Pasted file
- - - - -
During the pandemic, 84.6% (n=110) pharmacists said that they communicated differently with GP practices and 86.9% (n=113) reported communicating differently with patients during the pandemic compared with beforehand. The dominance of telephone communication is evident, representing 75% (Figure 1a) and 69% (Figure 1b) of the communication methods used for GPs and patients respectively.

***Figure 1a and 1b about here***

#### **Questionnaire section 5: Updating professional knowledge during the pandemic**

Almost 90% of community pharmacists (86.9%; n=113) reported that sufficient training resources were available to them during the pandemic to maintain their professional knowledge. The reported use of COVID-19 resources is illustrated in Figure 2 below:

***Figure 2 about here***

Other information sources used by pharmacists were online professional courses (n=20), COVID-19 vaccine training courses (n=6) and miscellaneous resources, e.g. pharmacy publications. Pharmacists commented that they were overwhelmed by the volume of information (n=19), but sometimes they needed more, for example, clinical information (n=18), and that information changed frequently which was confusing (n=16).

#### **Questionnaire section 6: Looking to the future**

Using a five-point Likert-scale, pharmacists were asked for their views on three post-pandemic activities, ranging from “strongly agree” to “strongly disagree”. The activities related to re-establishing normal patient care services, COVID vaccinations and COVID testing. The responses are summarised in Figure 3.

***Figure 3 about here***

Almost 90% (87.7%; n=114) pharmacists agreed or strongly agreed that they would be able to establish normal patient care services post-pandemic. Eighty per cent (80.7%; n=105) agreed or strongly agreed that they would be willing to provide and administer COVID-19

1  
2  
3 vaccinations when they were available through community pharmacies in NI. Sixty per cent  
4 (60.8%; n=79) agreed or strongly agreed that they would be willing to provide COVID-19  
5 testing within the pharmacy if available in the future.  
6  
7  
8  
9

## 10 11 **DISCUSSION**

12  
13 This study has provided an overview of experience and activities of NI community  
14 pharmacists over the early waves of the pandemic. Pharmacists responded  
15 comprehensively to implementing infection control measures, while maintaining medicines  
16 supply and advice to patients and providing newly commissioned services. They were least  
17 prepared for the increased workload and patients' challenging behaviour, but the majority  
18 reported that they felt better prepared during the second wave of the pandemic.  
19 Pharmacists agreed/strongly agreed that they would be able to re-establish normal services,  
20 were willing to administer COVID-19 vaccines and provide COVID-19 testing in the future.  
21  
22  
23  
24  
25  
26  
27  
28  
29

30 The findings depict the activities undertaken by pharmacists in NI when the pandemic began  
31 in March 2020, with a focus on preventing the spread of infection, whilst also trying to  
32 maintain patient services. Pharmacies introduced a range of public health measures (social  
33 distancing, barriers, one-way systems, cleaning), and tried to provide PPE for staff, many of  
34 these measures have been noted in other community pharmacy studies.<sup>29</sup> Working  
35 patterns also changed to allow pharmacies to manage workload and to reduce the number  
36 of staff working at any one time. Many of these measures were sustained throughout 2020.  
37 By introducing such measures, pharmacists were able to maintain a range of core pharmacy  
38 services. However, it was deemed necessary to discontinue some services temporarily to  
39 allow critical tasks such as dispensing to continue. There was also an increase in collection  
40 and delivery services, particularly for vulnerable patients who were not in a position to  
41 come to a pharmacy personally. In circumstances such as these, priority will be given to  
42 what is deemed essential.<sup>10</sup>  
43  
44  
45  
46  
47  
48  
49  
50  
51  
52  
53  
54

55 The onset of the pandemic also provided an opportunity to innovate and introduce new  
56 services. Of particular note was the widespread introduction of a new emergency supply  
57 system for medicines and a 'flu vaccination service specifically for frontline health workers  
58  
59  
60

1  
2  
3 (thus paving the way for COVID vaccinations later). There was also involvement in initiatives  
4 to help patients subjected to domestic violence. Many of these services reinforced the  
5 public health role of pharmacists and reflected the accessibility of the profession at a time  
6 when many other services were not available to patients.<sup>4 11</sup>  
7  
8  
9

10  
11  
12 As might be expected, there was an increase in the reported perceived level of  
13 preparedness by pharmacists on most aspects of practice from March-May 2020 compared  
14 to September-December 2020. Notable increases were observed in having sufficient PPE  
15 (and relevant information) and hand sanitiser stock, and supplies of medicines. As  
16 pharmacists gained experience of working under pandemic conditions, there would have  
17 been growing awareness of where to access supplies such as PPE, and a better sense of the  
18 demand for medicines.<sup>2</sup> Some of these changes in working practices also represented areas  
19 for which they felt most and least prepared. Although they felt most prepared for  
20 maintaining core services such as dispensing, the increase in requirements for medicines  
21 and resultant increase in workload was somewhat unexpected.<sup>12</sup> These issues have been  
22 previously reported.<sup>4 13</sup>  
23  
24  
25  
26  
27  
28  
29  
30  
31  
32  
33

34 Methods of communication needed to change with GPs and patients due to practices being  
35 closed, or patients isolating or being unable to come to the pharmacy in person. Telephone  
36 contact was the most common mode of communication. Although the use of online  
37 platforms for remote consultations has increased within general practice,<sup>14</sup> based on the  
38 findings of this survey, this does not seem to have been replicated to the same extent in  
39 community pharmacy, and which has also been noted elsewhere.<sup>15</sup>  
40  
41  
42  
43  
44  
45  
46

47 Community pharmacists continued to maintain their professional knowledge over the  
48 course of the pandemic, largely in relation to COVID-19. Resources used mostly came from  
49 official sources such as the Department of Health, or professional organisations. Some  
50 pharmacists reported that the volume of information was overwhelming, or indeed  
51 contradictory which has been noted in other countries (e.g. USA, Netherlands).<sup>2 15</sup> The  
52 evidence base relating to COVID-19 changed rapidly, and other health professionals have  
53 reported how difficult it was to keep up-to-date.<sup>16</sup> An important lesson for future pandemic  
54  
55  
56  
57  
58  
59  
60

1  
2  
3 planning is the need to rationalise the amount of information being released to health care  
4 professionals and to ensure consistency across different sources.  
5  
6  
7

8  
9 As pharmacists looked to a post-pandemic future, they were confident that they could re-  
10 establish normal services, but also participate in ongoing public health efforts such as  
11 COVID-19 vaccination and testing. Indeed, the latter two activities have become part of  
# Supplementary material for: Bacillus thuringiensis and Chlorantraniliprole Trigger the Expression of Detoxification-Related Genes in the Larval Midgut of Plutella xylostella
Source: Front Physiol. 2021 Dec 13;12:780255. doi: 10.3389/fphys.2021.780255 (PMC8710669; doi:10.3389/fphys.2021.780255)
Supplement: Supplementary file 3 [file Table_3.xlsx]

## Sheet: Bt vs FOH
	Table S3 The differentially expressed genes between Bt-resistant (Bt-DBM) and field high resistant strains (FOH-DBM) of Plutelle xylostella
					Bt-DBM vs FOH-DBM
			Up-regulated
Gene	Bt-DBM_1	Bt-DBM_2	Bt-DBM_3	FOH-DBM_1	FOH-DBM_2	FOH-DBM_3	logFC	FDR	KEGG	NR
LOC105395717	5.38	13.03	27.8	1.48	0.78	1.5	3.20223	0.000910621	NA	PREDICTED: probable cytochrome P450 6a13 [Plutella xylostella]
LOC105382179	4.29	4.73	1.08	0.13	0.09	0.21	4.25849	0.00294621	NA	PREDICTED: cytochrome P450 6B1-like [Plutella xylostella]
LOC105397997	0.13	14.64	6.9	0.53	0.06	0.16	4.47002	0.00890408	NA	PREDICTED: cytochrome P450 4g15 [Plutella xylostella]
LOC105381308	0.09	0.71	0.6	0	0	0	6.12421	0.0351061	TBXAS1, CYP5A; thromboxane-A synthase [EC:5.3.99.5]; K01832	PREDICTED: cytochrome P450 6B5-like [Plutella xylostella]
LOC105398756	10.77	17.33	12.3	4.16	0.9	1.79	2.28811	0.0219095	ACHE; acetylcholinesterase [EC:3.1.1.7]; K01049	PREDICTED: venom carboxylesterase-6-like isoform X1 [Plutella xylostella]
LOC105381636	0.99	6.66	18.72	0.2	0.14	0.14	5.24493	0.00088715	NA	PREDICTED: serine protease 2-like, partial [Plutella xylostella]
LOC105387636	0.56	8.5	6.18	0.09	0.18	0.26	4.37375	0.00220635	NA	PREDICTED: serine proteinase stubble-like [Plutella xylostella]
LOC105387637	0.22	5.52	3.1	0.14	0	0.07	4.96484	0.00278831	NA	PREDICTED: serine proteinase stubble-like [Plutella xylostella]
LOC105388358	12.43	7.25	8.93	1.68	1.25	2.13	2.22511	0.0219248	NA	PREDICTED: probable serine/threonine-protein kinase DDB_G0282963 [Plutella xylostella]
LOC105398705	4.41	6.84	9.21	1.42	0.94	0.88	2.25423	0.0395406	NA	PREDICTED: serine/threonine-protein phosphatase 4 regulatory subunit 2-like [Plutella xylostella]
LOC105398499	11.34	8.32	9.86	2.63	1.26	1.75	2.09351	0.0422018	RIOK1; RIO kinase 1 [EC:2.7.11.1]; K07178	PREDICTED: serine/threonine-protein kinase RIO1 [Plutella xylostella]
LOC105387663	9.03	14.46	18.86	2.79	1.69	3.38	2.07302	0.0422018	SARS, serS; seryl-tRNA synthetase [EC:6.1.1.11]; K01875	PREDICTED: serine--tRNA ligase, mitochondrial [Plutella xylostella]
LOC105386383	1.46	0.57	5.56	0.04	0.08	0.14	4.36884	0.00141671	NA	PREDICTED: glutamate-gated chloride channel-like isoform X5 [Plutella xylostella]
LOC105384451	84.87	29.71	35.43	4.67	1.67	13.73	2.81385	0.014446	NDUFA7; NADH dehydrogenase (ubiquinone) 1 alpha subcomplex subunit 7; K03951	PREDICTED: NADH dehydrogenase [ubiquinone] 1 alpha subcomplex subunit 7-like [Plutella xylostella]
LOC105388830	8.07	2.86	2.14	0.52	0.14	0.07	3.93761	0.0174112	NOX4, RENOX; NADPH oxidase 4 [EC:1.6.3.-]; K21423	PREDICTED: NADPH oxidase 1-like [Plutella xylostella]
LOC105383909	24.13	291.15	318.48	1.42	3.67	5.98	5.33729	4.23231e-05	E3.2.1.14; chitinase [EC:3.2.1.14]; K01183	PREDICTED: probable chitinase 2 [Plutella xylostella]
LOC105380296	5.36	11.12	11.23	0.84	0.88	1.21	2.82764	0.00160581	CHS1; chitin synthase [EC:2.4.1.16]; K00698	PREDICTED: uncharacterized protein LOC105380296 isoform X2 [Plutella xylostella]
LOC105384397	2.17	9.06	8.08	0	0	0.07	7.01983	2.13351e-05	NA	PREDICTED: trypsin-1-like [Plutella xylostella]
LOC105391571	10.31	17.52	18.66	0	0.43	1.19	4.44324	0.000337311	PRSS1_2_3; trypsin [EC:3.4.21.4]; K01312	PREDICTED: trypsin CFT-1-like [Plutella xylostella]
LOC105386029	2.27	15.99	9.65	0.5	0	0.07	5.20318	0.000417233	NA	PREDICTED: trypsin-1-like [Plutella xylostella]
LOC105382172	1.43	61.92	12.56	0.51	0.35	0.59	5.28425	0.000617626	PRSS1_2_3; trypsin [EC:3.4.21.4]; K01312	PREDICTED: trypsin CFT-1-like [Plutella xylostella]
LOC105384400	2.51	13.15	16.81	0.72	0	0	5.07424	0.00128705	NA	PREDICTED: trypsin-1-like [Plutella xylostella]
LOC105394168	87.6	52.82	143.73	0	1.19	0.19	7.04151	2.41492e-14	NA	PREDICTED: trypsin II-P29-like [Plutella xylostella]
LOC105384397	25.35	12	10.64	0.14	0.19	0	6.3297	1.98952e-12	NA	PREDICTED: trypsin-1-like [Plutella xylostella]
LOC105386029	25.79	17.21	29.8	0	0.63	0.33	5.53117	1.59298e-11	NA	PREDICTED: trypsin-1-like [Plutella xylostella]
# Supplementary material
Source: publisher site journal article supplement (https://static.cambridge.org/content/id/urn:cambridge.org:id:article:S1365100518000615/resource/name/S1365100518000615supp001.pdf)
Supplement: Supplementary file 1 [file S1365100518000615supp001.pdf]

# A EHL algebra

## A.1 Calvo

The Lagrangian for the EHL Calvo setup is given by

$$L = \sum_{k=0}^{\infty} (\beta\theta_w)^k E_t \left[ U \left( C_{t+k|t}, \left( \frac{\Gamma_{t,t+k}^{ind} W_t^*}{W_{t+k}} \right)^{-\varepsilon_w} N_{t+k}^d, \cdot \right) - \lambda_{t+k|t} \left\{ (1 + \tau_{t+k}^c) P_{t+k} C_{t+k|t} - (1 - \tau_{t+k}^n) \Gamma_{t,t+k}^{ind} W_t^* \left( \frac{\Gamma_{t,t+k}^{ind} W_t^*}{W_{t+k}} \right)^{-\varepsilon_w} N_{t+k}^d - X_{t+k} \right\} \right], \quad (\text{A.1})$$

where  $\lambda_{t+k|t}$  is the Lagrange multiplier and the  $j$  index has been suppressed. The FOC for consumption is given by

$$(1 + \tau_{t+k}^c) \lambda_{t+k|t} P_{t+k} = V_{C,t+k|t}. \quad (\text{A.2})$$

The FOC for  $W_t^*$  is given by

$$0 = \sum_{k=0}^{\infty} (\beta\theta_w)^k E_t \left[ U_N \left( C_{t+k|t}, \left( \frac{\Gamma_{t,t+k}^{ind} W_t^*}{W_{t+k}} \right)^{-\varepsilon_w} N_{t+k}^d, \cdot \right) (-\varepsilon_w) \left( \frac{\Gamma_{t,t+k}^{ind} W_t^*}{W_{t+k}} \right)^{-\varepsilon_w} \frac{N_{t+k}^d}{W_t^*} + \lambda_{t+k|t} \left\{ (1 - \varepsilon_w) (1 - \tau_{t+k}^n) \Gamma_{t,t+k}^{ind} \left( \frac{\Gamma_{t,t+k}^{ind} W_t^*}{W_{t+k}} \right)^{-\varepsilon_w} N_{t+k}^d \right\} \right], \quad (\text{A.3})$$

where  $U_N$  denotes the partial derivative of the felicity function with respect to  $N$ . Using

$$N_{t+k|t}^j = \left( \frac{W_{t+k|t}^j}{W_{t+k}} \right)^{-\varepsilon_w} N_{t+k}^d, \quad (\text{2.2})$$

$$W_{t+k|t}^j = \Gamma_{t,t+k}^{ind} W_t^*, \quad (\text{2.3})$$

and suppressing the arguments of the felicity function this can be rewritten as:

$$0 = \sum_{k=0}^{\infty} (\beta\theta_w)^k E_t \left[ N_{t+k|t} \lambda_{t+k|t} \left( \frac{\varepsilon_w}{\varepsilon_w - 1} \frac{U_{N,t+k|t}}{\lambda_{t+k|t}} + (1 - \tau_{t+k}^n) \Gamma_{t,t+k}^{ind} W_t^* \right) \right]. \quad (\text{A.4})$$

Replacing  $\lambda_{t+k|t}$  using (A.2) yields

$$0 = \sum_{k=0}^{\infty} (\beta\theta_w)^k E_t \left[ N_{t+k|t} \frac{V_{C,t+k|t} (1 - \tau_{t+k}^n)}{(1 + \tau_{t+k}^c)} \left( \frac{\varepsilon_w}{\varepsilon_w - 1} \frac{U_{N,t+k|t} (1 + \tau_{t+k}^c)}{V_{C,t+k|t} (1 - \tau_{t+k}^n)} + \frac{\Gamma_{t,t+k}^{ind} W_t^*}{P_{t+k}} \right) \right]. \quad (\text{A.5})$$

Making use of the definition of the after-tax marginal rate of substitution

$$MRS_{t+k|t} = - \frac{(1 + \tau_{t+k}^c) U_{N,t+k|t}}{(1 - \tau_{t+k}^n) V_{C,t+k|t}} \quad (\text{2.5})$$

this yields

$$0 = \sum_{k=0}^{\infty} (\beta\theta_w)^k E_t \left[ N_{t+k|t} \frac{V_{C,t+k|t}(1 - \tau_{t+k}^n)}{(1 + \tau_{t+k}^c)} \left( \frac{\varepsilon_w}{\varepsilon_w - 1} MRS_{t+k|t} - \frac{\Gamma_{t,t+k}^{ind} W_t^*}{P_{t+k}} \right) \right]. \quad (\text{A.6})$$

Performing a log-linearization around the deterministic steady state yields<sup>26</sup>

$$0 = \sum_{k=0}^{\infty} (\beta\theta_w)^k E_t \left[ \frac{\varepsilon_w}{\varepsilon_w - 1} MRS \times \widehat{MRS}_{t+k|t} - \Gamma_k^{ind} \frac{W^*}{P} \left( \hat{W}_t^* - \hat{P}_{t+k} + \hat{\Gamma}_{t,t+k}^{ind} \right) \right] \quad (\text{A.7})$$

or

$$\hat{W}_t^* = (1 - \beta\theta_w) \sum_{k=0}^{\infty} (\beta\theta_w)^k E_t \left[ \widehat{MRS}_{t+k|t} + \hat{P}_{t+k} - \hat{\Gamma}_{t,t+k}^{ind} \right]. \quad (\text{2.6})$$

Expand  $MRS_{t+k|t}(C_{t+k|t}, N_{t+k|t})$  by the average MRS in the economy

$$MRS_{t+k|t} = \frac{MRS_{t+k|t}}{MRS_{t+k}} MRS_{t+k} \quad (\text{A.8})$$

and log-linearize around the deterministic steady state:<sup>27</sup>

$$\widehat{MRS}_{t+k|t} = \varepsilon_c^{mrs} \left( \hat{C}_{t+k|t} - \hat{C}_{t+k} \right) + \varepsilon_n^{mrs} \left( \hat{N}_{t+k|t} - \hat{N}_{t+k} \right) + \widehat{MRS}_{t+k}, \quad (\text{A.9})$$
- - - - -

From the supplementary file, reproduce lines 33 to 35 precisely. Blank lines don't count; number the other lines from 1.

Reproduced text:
24  
25  
26  